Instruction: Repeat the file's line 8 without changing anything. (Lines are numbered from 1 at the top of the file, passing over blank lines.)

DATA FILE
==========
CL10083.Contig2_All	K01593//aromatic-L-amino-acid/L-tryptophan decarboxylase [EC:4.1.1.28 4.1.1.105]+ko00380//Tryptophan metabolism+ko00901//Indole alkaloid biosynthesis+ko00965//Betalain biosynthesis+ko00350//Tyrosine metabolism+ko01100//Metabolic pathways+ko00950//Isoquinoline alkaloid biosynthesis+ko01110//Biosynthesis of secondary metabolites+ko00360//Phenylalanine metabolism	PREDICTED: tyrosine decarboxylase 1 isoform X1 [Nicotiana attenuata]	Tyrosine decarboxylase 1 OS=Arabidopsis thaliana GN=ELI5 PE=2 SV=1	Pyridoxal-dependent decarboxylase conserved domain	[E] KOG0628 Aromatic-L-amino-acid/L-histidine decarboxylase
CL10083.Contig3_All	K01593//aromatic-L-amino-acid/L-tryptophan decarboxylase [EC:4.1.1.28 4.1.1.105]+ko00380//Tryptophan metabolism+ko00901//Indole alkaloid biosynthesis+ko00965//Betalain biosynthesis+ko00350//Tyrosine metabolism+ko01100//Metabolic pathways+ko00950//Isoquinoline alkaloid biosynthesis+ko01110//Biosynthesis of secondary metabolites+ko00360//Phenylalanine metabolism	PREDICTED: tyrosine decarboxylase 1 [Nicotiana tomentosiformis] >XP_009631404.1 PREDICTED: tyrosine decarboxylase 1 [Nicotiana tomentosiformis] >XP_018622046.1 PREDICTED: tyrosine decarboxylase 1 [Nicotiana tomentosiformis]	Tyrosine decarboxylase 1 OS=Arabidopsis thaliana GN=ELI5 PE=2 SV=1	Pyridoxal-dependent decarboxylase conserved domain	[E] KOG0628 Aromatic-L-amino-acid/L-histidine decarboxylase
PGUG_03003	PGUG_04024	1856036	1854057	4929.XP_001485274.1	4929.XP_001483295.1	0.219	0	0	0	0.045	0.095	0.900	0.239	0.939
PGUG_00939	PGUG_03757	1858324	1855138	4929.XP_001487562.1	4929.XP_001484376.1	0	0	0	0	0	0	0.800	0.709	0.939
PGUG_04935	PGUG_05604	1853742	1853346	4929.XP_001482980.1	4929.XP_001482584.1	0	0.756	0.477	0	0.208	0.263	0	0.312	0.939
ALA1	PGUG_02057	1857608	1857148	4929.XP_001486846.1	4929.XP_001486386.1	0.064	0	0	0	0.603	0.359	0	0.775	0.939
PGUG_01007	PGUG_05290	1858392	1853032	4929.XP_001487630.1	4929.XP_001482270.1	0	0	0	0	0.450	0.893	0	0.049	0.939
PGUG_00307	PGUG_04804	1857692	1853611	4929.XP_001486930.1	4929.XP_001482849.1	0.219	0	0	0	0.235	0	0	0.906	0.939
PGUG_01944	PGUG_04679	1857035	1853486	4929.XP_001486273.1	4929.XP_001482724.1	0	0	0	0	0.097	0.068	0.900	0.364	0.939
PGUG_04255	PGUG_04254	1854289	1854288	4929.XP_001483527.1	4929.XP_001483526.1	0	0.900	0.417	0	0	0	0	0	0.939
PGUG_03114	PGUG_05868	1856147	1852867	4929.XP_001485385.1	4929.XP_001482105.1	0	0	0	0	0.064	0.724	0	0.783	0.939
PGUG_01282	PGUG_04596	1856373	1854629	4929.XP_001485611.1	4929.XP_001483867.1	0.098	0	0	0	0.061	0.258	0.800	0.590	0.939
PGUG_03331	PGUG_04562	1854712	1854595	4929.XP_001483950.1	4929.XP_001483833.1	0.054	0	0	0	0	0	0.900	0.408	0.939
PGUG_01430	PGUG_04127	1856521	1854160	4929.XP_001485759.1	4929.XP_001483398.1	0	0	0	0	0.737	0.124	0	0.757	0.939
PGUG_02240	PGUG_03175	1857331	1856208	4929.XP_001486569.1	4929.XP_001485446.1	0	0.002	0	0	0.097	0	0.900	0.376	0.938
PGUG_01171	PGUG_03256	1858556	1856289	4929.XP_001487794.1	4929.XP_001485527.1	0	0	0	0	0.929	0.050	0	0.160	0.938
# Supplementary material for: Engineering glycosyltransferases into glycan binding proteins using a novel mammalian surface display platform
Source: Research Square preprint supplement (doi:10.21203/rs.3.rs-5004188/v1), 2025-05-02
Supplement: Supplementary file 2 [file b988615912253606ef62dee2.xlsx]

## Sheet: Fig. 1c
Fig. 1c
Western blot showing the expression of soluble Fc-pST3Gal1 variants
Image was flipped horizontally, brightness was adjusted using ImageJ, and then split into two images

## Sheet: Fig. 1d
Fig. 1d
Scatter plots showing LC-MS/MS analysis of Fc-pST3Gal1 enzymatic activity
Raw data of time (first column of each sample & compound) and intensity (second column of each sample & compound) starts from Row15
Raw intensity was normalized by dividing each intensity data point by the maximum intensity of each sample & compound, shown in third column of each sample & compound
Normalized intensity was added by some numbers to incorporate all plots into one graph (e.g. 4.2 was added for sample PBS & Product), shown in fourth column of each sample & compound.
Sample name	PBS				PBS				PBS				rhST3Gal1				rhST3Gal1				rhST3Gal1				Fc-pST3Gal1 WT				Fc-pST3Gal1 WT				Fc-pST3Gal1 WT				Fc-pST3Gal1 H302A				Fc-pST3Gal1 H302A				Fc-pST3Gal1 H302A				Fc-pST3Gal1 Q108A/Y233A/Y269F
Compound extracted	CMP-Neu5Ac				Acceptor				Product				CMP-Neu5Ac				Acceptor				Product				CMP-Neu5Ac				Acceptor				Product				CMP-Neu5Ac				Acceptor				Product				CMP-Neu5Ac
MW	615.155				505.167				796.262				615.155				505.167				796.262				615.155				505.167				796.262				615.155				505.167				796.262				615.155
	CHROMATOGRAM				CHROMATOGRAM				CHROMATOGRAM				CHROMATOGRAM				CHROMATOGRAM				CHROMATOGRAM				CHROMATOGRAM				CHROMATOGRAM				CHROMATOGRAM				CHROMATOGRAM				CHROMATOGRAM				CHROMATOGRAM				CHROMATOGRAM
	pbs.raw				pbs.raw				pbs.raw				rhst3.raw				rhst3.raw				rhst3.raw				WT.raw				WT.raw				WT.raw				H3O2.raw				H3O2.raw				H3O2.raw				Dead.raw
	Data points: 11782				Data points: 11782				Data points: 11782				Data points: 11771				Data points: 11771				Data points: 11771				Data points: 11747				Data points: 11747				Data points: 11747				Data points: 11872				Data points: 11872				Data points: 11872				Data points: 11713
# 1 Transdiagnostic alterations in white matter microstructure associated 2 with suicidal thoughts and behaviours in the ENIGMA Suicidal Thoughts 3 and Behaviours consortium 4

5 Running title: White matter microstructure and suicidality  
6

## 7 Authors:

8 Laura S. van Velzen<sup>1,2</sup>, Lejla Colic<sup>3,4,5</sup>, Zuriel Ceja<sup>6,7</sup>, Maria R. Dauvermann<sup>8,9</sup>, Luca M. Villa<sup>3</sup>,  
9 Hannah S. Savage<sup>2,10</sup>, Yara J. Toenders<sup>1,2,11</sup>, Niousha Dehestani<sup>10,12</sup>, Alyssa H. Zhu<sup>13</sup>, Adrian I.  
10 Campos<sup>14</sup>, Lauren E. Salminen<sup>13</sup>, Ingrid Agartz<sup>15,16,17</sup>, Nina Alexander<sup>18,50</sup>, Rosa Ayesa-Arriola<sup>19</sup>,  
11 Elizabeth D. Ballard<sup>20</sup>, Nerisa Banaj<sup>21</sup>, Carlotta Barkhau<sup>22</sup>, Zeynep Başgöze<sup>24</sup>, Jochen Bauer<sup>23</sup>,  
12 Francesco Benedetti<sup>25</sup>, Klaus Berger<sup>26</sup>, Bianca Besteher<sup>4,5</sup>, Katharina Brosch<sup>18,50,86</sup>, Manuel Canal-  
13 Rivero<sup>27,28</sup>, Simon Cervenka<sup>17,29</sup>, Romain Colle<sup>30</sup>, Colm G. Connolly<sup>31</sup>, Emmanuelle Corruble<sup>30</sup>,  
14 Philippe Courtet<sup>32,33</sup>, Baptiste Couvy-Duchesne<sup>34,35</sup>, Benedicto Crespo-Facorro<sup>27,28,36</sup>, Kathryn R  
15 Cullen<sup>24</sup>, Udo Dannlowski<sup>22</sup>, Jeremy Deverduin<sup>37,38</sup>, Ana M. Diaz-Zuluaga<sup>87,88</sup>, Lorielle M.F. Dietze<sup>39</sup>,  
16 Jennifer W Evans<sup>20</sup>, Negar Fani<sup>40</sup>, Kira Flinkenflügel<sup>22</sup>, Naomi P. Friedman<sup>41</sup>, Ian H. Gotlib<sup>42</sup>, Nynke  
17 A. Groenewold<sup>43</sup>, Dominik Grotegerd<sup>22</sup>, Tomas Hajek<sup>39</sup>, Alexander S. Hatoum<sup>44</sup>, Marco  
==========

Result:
PGUG_00307	PGUG_04804	1857692	1853611	4929.XP_001486930.1	4929.XP_001482849.1	0.219	0	0	0	0.235	0	0	0.906	0.939